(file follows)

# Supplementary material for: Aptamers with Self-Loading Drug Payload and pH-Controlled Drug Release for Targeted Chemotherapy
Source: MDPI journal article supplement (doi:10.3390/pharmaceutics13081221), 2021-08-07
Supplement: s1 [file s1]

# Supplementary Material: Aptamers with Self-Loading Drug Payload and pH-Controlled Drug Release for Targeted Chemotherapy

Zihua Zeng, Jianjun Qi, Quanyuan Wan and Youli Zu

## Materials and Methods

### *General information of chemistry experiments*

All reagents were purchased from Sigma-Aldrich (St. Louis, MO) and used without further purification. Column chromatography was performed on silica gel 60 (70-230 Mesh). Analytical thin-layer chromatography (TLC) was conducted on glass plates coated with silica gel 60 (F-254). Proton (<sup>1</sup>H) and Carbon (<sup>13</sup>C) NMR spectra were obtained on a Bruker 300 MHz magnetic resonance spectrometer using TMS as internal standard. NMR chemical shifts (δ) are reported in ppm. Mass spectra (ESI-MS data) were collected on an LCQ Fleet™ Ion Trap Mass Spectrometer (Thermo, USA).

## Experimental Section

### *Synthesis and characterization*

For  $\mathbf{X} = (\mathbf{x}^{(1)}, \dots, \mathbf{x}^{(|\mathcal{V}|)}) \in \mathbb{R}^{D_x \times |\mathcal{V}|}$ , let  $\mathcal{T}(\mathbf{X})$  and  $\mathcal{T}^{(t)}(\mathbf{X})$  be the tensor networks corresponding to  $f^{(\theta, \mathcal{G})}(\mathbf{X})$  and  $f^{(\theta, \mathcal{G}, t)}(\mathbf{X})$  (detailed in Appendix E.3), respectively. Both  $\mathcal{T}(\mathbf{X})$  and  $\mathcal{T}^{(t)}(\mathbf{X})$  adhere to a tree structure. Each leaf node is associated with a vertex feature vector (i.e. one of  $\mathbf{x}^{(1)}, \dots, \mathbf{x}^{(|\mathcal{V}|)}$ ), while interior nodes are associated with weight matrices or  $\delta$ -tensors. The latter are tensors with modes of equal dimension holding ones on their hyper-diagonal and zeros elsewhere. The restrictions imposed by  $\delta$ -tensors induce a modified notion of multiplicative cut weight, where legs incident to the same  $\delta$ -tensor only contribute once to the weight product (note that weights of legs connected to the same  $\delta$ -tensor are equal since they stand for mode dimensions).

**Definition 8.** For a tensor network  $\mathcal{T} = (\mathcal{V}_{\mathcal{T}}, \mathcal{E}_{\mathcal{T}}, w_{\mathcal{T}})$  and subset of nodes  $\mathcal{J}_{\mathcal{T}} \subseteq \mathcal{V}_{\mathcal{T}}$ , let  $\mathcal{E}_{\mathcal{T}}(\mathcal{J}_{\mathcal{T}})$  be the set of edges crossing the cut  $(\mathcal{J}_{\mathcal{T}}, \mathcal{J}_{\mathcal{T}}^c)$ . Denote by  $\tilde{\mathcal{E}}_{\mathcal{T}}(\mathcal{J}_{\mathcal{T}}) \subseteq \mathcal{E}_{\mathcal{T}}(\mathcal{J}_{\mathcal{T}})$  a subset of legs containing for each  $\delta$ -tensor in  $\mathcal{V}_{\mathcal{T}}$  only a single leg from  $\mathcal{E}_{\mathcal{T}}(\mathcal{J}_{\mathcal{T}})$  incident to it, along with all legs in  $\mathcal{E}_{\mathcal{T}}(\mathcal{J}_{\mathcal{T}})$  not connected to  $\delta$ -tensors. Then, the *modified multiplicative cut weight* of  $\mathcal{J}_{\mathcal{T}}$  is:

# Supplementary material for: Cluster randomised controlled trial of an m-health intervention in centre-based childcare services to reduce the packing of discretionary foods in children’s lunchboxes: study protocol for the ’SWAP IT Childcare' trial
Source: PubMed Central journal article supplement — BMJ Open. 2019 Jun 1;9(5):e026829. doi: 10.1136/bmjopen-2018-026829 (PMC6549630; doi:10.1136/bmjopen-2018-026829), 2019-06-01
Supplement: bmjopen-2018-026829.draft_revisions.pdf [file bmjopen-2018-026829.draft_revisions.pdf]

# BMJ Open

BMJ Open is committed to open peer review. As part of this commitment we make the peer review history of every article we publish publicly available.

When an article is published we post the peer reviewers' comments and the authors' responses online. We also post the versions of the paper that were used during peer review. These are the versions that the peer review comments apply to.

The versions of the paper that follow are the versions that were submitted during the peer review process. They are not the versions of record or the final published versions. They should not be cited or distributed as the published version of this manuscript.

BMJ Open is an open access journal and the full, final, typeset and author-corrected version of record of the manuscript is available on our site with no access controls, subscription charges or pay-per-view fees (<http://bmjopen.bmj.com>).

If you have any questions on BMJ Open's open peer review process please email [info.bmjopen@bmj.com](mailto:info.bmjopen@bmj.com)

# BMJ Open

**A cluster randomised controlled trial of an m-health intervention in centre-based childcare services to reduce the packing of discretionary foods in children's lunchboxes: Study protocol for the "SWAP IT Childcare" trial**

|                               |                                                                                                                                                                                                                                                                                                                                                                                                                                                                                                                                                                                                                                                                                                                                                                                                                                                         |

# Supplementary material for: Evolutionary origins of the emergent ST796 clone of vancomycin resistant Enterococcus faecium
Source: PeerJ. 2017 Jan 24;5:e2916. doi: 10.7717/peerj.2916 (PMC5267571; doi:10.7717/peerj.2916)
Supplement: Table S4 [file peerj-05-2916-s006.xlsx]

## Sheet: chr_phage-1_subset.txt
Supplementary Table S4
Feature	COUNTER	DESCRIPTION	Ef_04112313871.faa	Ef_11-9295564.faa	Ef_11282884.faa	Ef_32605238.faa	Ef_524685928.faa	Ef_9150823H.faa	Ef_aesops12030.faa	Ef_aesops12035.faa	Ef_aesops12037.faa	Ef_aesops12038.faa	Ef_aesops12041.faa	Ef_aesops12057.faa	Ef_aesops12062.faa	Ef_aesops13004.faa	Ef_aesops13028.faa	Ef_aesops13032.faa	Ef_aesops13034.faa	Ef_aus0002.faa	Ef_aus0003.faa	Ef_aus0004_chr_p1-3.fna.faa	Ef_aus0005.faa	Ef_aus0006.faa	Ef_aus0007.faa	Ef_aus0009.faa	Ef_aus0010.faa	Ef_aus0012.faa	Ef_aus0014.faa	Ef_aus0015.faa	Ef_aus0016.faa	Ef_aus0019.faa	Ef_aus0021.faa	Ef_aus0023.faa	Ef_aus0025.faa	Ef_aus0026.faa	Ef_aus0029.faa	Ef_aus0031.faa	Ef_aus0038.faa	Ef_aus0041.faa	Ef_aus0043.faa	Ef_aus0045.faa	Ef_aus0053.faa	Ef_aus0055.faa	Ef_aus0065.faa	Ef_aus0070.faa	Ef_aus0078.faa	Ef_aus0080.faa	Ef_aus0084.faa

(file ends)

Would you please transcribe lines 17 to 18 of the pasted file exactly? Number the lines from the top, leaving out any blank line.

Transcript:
BMJ Open is committed to open peer review. As part of this commitment we make the peer review history of every article we publish publicly available.

When an article is published we post the peer reviewers' comments and the authors' responses online. We also post the versions of the paper that were used during peer review. These are the versions that the peer review comments apply to.